Editor’s column: The beginning of the end for the European Super League
The major talking point in sport over the weekend was the European Super League – if only it was the one that’s been in existence for 25 years.
The latest money grab at elite football level threatens to anonymise rugby league’s top level European competition, which is already suffering following the ever increasing prominence of the Women’s Super League brand in football.
With a re-amalgamation with the RFL in the near future likely, it is perhaps the right time for rugby league to consider re-branding the Super League competition, but as a continuation of it rather than completely starting again.
World Rugby (union) is already out-muscling the 13-man code for the term “rugby”, so league can ill afford to be losing the very little identity it has left with Super League.
My suggestion? RFL Premiership. It may be a good time to focus on ‘RFL’ as a logical abbreviation and identity for competitions at the top level, in a similar way that many other elite leagues have adopted (NFL, NBA, NHL, NRL, EFL etc).
The RFL Challenge Cup, RFL Championship, RFL National League etc could sit underneath.
Seriously though, with football hijacking the IP to the term ‘Super League’ and with a new #RugbyLeague TV contact in negotiations, now is probably the best time to rebrand to the RFL Premiership, or even court significant investment from Australia and go with NRL Europe.
— Gavin Wilson (@GavWilson) April 19, 2021
It will be interesting to see whether the recently re-branded federation, European Rugby League, gets involved in any discussions too.
One thing is for sure, it’s a bit of a headache that rugby league could do without right now.
Whatever happens, it’s clear that these money grabs and indeed the current pandemic has hinted that sport is losing touch with its fans.
The constant desperation for more and more money is alienating those that are sport’s reason for being.
The bottom line is, sport is about what happens on the pitch. Yes, it’s a huge business, but take away the former and it’s a mere shadow of what it’s designed to be.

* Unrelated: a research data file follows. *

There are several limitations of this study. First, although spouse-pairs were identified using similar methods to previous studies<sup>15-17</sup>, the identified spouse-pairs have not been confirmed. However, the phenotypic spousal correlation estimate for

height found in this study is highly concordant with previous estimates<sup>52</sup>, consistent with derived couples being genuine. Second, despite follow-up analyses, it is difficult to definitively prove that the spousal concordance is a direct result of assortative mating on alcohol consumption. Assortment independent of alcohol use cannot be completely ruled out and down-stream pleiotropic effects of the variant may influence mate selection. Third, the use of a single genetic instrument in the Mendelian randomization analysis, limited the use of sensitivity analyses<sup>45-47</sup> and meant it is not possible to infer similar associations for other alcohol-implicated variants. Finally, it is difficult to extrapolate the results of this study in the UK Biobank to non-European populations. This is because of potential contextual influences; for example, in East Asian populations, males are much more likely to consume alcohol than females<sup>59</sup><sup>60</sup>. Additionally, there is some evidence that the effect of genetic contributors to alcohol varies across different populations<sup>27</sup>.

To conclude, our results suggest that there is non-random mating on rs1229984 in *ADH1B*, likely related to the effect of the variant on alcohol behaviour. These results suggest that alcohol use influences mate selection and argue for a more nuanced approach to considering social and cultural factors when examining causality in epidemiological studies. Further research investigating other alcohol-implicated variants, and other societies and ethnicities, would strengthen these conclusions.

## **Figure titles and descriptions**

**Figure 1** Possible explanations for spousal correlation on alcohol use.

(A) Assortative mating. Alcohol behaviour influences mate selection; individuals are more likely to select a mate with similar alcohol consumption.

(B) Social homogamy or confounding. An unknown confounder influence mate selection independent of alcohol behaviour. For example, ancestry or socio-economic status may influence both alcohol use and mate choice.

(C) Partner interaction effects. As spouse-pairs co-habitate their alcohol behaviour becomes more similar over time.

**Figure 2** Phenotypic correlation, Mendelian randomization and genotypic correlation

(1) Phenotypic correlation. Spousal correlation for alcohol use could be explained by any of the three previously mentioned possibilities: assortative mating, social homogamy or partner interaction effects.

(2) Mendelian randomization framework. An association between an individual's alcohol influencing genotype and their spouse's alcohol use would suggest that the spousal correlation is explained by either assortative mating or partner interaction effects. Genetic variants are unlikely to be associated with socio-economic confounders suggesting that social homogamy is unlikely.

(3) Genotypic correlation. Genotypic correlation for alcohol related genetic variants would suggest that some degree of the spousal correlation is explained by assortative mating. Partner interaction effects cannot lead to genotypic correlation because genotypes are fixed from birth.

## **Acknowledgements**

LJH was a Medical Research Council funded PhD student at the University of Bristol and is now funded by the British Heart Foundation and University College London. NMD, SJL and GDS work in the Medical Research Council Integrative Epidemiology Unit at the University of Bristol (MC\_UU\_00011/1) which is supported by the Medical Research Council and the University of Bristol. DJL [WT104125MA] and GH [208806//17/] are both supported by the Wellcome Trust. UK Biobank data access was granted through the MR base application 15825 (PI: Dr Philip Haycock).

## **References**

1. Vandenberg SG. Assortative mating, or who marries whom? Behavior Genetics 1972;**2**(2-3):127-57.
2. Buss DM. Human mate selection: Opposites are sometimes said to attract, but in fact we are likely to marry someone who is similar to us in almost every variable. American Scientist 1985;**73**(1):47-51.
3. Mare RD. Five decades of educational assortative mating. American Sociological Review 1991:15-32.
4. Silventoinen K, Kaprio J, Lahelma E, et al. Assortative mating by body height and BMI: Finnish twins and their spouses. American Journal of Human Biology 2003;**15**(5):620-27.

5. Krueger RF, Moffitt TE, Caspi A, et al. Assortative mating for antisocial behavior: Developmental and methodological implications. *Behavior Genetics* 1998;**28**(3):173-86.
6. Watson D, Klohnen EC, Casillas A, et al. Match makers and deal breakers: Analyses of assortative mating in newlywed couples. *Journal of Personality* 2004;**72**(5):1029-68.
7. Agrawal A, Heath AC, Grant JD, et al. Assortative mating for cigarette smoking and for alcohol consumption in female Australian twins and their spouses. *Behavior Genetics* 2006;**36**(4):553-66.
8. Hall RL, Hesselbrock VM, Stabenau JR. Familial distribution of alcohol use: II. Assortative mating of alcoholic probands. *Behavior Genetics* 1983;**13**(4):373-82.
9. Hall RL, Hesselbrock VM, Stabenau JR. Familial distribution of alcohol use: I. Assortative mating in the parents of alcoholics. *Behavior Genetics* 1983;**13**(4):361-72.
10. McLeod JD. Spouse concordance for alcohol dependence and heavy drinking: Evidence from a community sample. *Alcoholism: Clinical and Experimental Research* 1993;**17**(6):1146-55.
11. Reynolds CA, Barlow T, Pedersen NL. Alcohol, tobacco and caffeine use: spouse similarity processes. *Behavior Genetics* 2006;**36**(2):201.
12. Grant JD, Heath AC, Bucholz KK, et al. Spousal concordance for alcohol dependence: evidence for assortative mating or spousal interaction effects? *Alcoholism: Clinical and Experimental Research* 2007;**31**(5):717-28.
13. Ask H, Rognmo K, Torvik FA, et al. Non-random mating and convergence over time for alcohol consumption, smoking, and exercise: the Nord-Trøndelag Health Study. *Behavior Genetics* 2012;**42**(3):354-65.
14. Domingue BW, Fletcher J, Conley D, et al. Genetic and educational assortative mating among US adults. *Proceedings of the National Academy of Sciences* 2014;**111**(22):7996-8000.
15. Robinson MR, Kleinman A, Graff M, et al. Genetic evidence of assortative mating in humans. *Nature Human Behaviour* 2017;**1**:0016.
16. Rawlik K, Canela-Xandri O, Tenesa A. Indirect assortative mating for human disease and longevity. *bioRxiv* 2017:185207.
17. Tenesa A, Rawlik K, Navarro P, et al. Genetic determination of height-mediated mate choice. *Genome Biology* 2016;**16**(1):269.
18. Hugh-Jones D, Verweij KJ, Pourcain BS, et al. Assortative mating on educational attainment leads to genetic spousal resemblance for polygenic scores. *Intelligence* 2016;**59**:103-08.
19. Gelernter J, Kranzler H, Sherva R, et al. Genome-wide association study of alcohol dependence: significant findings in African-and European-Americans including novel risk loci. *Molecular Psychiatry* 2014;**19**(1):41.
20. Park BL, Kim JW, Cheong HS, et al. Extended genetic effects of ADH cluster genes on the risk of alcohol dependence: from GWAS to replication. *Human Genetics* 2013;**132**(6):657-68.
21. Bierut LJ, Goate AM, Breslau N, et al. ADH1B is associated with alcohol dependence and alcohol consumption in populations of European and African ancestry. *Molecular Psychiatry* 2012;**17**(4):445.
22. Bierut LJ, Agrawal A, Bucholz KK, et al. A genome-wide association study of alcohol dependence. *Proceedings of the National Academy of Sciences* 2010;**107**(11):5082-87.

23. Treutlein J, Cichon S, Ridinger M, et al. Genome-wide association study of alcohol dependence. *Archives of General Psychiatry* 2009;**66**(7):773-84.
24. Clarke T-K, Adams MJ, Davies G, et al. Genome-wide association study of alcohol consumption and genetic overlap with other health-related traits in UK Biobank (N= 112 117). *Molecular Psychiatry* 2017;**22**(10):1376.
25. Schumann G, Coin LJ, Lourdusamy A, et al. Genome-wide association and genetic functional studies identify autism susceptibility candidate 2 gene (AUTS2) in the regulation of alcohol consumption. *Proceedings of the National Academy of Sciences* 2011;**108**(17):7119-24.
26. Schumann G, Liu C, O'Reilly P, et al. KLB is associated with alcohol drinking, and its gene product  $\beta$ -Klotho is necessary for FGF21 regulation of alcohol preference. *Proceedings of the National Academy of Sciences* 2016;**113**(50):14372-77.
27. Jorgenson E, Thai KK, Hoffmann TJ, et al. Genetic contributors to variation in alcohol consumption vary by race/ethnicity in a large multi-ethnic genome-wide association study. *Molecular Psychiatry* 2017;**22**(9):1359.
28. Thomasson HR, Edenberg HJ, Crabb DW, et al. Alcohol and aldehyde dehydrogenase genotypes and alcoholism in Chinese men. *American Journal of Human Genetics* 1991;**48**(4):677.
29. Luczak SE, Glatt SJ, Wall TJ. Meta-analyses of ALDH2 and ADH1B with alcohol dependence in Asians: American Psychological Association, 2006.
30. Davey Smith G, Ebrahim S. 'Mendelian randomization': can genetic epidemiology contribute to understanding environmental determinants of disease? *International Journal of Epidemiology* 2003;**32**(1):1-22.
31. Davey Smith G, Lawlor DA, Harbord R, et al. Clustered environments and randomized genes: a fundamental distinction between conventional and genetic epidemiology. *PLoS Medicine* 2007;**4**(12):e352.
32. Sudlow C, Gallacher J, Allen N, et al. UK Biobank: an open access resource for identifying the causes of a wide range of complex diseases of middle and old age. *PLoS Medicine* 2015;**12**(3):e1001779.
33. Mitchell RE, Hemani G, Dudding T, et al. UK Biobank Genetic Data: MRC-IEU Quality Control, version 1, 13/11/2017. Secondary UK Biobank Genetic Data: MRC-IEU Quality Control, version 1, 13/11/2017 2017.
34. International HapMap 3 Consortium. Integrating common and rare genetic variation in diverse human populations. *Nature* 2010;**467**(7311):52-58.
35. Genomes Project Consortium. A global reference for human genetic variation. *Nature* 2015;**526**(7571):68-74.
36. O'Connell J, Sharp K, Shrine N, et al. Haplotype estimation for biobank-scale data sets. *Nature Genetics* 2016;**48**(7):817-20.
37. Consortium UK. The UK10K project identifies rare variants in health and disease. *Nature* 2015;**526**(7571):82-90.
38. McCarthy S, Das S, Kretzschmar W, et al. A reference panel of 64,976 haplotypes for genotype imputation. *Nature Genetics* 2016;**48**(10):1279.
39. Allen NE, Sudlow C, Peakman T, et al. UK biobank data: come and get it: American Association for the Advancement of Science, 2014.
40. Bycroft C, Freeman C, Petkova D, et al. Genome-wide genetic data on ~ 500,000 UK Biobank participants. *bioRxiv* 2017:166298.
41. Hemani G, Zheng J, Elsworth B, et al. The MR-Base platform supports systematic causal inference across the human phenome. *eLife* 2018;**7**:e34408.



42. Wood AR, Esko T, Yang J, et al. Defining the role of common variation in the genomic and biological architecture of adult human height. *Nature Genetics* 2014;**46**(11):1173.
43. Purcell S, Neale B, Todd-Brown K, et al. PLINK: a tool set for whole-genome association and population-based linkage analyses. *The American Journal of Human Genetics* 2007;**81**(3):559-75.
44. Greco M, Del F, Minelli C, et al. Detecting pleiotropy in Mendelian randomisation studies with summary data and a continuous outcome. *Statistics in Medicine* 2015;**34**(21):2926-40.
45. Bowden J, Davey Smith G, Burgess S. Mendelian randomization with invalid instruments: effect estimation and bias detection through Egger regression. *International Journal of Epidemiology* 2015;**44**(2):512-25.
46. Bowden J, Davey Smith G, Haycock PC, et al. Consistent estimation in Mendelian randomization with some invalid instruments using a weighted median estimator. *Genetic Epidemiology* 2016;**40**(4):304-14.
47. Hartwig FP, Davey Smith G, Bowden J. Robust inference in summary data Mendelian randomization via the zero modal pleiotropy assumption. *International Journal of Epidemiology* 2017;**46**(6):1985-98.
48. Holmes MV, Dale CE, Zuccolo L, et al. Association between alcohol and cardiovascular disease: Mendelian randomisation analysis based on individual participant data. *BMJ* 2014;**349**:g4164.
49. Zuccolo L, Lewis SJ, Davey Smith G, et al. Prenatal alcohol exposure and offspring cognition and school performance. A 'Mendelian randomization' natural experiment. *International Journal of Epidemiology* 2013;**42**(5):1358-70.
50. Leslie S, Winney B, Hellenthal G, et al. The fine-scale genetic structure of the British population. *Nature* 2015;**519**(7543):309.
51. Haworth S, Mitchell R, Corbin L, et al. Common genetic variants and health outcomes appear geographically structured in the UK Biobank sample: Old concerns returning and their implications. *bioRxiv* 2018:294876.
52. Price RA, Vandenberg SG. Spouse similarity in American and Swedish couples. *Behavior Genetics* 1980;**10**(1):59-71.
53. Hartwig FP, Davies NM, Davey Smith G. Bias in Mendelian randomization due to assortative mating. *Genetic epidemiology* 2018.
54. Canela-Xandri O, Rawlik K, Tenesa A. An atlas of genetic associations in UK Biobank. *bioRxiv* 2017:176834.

The current situation where fans of Super League clubs cannot watch their own teams through no fault of their own is an abomination.
Unless you had the wherewithal or the finances to shell out for a season ticket, you are unable to watch your team live – because all the games are behind closed doors and not broadcast.
The reasons behind this haven’t been publicly announced and any responses for comment have been particularly vague.
An RFL spokesperson said: “It is a decision for the broadcast rights holder.
“Sky are kindly ensuring that all season ticket holders have the opportunity to watch their club in action behind closed doors, even if they don’t have a Sky subscription.”
Clearly, and understandably, Super League clubs don’t want to suffer a short-term loss of Sky Sports funding; which they would have to relinquish if the broadcaster was to sacrifice their rights (which they have paid for) to enable games to be shown elsewhere.
But it’s a slap in the face for those fans who pay their hard earned for tickets week in, week out – the same fans that clubs have spent the last year asking for money for merchandise or to donate last season’s season ticket.
Surely, Sky could have found a way to show all the games themselves behind a paywall that everyone could access, or at least struck a deal to enable the Our League app to allow match passes to be bought (even if they turned out to be £20 a game to ensure season ticket holders were still getting value).
Even when fans return, those outside the chosen ones are forgotten about too, and given virtually all the clubs average more than 4,000 – some of them comfortably more than double that – there are inevitably going to be some very disappointed (or forever alienated?) fans.
You might argue that if fans wanted to watch the games, they could have simply bought a season ticket. But some clubs were limiting season ticket sales, to ensure they don’t have any headaches when fans can return to grounds – and so they can maximise the income potential by ensuring there are still some match tickets to purchase each week.
It doesn’t take a rocket scientist to figure out that the Sky Sports money underpins the game – but once that dries up, if all that’s left is the absolute hardcore of fans, then the future looks murky.